The agreement, which must still be ratified by each party, is also unofficially known as “NAFTA 2.0”, since it is intended to replace the North American Free Trade Agreement (NAFTA) currently in force.
The text of the USMCA, which was published on the Office of the United States Trade Representative website shortly after the formal agreement was announced on October 1, 2018, includes an extensive chapter on Intellectual Property covering standards concerning trademarks, geographical indications, patents and undisclosed tests, industrial designs, copyright and related rights, trade secrets, as well as a section regarding IPR enforcement.
Below is an analysis of some key provisions of the USMCA´s patents and data protection chapter, and their implication for the Mexican IP system after the agreement comes into force.
Key provisions of the USMCA
Non-confidentiality of patent files
Article 20.43 of the USMCA establishes that for published patent applications and granted patents, each party shall make available to the public: search and examination results, non-confidential communications from applicants, and patent and non-patent related literature citations submitted by applicants and relevant third parties.
Nonetheless, Mexico already complies with the above provision, since the new IP Law in force since August 2018 establishes that all patent files must be available for public inspection as soon as they are published. Before the enactment of the new IP law, all patent prosecution files were kept confidential until grant.
Currently, voluntary claim amendments can be filed at any time during patent prosecution, as long as they do not broaden the scope of the application as filed. However, granted patents may only be amended by the patent owner in the following circumstances: a) to correct obvious or form errors, and b) to limit the scope of the claims. Therefore, at the moment no claim amendments, other than those aimed at limiting the claims, are possible when the Mexican PTO (IMPI) finds patentable an invention as originally claimed and a notice of allowance is directly issued.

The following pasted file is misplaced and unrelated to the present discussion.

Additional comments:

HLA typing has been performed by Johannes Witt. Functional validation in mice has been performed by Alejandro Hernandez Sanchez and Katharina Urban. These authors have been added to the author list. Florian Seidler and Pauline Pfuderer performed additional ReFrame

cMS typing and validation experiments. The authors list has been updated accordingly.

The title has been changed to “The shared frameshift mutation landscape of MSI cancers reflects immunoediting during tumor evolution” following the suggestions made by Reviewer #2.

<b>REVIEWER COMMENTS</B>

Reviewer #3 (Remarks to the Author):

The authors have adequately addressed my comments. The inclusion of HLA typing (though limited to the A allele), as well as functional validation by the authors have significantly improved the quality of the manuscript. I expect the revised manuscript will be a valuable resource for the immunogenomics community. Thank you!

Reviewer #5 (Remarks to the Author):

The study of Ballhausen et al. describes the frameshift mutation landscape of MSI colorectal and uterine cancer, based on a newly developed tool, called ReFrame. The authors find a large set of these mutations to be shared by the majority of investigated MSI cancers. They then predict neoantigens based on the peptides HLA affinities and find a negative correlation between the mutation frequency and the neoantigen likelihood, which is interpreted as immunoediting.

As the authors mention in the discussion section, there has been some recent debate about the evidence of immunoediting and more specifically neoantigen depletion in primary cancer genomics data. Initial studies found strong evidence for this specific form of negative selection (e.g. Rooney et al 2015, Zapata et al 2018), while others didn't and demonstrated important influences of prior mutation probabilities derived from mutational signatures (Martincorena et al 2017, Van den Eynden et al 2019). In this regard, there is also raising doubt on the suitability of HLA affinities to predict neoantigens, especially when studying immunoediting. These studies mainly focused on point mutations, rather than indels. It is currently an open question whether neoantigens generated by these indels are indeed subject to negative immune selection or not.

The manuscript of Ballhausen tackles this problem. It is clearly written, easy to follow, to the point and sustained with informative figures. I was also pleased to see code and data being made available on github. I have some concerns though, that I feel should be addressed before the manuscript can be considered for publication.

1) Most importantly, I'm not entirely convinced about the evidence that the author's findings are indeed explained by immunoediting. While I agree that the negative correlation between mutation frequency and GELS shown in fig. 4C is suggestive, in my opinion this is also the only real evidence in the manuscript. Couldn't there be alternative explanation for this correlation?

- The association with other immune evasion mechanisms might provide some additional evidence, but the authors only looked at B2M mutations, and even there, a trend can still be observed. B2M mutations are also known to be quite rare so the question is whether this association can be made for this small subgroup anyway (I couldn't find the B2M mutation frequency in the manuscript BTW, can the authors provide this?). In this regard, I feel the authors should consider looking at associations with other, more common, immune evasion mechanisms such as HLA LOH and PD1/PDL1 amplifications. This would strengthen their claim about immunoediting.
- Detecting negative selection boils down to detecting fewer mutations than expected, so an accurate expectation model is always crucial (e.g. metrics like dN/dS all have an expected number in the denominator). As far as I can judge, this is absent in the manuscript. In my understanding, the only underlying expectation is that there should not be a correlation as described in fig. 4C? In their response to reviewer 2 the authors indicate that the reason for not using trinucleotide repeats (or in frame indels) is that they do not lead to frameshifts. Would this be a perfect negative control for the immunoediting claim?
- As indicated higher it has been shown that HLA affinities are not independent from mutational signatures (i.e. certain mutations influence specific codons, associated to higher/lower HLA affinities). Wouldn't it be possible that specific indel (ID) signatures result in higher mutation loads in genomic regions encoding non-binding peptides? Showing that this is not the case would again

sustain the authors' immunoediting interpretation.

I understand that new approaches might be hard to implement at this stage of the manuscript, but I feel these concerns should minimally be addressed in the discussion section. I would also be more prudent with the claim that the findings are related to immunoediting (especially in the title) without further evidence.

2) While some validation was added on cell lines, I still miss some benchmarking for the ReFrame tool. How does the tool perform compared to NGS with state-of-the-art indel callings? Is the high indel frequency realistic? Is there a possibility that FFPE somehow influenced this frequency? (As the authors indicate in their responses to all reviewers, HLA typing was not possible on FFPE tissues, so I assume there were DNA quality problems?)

Article 20.42 of the USMCA establishes that each party shall provide a patent applicant with at least one opportunity to make amendments, corrections, and observations in connection with its application. Hence, the USMCA’s implementation will require that Mexico changes its provisions on claim amendments of granted patents.
Article 20.36 of the USMCA on patentable subject matter establishes that patents must be available for inventions claimed as at least one of the following: new uses of a known product, new methods of using a known product, or new processes of using a known product.
Although in practice Mexico already allows novel uses of known compounds, currently there are no legal provisions that specifically regulate these inventions, which will be likely to change as a result of the USMCA.
Patent term adjustment
The patent term extension provisions of the USMCA provide for an adjustment to a patent term due to: (i) unreasonable delays owing to the patent granting authority, and (ii) unreasonable curtailment of the patent term as a result of the regulatory or marketing approval process for pharmaceutical products.
Mexican law does not currently provide for patent term adjustment neither for unreasonable delays in the issuance of a patent by the IMPI nor for unreasonable delays during the marketing approval for pharma products by the regulatory authority (COFEPRIS). Therefore, amendments to the IP and Health laws will be required in order to implement the USMCA provisions regarding patent term adjustments.